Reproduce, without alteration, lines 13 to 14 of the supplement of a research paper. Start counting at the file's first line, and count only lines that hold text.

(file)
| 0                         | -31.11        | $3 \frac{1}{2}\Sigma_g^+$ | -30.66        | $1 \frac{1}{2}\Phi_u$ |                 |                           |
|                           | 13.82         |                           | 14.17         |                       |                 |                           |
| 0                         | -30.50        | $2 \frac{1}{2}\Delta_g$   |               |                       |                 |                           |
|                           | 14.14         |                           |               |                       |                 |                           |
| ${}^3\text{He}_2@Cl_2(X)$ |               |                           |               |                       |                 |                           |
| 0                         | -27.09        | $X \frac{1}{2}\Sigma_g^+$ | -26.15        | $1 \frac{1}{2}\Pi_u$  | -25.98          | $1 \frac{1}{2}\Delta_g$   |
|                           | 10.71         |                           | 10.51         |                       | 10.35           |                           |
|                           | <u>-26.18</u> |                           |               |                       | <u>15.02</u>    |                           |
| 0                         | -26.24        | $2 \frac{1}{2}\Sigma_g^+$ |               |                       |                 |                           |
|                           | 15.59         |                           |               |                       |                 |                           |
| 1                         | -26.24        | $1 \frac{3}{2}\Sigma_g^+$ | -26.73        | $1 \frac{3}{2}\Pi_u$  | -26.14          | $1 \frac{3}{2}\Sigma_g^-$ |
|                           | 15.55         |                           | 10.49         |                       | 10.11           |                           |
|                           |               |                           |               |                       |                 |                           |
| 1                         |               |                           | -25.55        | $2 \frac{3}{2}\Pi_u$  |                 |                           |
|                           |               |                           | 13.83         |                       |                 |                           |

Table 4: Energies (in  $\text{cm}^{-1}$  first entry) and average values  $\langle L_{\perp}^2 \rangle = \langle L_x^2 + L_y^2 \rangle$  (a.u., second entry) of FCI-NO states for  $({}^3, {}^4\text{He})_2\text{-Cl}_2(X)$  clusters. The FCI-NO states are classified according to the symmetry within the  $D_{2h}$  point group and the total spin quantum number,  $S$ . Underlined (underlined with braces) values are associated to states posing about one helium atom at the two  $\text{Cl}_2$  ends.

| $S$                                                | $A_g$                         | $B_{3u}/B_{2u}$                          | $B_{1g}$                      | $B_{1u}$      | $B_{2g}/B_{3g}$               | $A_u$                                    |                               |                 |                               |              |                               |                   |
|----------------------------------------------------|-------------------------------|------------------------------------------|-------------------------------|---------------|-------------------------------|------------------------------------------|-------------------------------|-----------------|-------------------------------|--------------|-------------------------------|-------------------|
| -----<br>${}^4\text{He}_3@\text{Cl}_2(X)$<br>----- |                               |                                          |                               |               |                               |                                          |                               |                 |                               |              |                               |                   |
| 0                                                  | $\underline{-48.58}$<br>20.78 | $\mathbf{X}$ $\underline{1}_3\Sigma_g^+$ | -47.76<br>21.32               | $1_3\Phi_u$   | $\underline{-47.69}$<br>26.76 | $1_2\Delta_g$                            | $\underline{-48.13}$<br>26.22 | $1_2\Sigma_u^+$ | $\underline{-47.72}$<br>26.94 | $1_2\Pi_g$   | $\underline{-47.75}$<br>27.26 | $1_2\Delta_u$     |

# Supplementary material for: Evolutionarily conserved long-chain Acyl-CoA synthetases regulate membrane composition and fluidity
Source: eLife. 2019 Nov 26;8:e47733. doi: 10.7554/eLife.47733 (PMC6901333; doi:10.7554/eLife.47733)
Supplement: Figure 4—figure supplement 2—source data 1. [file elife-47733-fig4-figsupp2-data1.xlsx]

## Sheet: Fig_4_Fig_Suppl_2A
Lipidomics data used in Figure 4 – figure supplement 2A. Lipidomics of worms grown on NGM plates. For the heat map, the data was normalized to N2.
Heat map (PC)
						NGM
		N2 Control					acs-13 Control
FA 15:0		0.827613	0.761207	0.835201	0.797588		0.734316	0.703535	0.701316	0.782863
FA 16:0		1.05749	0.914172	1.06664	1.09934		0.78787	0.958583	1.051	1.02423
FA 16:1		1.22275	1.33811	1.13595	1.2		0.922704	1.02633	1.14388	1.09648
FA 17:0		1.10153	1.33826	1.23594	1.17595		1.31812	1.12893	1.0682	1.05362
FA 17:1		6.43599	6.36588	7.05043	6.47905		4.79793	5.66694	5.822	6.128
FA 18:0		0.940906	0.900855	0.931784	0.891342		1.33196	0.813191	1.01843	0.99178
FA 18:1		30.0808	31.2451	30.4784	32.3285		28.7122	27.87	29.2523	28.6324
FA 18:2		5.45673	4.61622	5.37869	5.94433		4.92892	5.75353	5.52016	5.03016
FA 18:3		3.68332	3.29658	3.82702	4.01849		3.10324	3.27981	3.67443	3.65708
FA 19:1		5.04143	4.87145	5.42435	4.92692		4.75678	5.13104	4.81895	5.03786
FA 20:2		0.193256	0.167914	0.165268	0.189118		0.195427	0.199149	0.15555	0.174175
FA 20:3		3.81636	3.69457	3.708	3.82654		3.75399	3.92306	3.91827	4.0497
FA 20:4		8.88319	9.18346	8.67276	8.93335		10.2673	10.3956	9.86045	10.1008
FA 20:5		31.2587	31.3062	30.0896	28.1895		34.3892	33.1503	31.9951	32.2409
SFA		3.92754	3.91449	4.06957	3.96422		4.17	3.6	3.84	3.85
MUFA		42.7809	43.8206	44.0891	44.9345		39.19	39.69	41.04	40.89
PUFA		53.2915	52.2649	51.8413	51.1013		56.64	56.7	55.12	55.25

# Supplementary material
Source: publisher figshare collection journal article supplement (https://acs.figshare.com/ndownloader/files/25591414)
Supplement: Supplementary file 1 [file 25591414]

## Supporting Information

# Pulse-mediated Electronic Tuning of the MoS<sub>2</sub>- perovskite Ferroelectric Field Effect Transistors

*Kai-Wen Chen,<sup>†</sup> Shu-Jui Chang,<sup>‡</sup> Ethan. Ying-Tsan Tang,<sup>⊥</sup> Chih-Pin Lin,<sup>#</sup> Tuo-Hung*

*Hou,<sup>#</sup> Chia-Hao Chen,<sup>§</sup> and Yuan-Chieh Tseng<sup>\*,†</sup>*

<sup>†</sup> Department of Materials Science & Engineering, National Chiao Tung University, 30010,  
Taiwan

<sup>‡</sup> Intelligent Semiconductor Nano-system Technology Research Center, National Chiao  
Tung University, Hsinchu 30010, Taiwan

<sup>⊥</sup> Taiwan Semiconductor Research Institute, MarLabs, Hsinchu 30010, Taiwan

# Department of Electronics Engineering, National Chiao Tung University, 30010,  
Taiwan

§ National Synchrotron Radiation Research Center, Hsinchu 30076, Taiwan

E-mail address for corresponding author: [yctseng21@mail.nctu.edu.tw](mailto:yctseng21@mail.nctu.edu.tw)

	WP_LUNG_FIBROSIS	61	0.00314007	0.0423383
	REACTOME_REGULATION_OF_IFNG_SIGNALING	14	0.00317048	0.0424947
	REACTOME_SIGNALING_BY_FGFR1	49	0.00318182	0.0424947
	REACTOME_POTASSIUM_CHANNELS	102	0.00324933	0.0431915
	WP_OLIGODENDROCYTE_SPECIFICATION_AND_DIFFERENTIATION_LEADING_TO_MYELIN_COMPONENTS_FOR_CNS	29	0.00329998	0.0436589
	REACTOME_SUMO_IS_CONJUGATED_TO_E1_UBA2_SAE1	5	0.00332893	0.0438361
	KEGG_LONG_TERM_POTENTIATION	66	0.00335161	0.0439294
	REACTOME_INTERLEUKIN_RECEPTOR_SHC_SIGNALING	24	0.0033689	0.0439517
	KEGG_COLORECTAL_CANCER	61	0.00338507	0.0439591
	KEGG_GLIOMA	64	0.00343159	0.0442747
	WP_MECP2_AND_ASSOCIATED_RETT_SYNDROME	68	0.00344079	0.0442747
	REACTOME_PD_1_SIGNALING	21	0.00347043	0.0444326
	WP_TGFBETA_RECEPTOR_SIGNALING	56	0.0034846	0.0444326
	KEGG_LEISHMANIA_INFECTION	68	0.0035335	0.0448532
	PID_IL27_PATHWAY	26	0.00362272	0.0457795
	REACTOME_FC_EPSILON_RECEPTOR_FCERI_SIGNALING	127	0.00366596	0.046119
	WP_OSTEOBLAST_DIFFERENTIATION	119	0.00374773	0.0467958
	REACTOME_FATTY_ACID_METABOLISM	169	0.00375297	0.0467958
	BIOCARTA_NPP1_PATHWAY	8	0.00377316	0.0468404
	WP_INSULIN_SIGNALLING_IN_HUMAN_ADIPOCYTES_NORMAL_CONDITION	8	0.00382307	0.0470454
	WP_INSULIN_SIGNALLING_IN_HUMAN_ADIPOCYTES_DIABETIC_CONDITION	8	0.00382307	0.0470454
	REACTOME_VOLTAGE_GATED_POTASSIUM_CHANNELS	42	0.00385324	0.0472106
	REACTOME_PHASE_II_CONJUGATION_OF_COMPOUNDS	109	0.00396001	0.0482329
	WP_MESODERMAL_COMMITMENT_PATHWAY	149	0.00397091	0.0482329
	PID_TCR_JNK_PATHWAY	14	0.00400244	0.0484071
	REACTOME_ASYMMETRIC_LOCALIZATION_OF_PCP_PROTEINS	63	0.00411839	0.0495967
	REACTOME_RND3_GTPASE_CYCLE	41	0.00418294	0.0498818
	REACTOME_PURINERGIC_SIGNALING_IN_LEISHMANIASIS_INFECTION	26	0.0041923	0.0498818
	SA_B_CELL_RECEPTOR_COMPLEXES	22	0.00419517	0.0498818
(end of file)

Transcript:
|                           |               |                           |               |                       |                 |                           |
| 1                         |               |                           | -25.55        | $2 \frac{3}{2}\Pi_u$  |                 |                           |